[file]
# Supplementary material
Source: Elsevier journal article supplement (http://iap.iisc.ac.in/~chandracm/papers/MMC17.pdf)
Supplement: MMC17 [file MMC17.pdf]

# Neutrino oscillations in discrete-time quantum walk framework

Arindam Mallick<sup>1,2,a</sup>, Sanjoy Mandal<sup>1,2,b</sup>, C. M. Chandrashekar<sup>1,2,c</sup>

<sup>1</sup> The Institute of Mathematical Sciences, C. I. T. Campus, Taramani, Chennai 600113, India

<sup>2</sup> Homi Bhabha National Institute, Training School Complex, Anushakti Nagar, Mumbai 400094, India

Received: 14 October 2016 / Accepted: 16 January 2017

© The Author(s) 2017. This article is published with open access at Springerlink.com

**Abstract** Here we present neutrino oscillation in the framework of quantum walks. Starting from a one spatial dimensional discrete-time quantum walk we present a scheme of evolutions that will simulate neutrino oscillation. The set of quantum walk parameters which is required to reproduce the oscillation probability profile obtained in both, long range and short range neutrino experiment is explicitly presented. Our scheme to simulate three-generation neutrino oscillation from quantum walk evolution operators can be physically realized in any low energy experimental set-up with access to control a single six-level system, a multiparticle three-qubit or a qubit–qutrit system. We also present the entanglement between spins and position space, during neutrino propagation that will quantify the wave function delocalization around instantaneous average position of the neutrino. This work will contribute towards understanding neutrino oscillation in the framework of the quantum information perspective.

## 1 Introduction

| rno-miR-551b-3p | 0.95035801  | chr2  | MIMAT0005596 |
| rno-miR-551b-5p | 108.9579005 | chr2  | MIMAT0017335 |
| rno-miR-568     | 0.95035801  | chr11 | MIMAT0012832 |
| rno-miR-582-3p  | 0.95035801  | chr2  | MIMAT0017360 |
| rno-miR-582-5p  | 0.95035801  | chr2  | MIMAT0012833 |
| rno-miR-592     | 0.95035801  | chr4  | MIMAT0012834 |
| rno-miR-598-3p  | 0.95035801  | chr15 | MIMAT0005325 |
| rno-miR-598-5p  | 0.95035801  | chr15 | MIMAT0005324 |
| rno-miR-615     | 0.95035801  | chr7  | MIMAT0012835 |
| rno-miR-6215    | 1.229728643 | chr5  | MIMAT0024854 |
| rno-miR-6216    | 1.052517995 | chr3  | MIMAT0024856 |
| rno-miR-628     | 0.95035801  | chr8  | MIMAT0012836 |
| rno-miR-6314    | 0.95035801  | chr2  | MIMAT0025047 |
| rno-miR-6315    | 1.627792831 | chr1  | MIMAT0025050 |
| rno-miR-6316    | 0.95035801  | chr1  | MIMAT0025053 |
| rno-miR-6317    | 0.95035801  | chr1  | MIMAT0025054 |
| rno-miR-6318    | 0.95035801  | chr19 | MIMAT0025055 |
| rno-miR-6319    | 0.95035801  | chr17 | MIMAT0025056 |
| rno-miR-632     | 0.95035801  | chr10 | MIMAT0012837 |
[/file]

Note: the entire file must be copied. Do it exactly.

# Supplementary material
Source: Elsevier journal article supplement (http://iap.iisc.ac.in/~chandracm/papers/MMC17.pdf)
Supplement: MMC17 [file MMC17.pdf]

# Neutrino oscillations in discrete-time quantum walk framework

Arindam Mallick<sup>1,2,a</sup>, Sanjoy Mandal<sup>1,2,b</sup>, C. M. Chandrashekar<sup>1,2,c</sup>

<sup>1</sup> The Institute of Mathematical Sciences, C. I. T. Campus, Taramani, Chennai 600113, India

<sup>2</sup> Homi Bhabha National Institute, Training School Complex, Anushakti Nagar, Mumbai 400094, India

Received: 14 October 2016 / Accepted: 16 January 2017

© The Author(s) 2017. This article is published with open access at Springerlink.com

**Abstract** Here we present neutrino oscillation in the framework of quantum walks. Starting from a one spatial dimensional discrete-time quantum walk we present a scheme of evolutions that will simulate neutrino oscillation. The set of quantum walk parameters which is required to reproduce the oscillation probability profile obtained in both, long range and short range neutrino experiment is explicitly presented. Our scheme to simulate three-generation neutrino oscillation from quantum walk evolution operators can be physically realized in any low energy experimental set-up with access to control a single six-level system, a multiparticle three-qubit or a qubit–qutrit system. We also present the entanglement between spins and position space, during neutrino propagation that will quantify the wave function delocalization around instantaneous average position of the neutrino. This work will contribute towards understanding neutrino oscillation in the framework of the quantum information perspective.

## 1 Introduction

| rno-miR-551b-3p | 0.95035801  | chr2  | MIMAT0005596 |
| rno-miR-551b-5p | 108.9579005 | chr2  | MIMAT0017335 |
| rno-miR-568     | 0.95035801  | chr11 | MIMAT0012832 |
| rno-miR-582-3p  | 0.95035801  | chr2  | MIMAT0017360 |
| rno-miR-582-5p  | 0.95035801  | chr2  | MIMAT0012833 |
| rno-miR-592     | 0.95035801  | chr4  | MIMAT0012834 |
| rno-miR-598-3p  | 0.95035801  | chr15 | MIMAT0005325 |
| rno-miR-598-5p  | 0.95035801  | chr15 | MIMAT0005324 |
| rno-miR-615     | 0.95035801  | chr7  | MIMAT0012835 |
| rno-miR-6215    | 1.229728643 | chr5  | MIMAT0024854 |
| rno-miR-6216    | 1.052517995 | chr3  | MIMAT0024856 |
| rno-miR-628     | 0.95035801  | chr8  | MIMAT0012836 |
| rno-miR-6314    | 0.95035801  | chr2  | MIMAT0025047 |
| rno-miR-6315    | 1.627792831 | chr1  | MIMAT0025050 |
| rno-miR-6316    | 0.95035801  | chr1  | MIMAT0025053 |
| rno-miR-6317    | 0.95035801  | chr1  | MIMAT0025054 |
| rno-miR-6318    | 0.95035801  | chr19 | MIMAT0025055 |
| rno-miR-6319    | 0.95035801  | chr17 | MIMAT0025056 |
| rno-miR-632     | 0.95035801  | chr10 | MIMAT0012837 |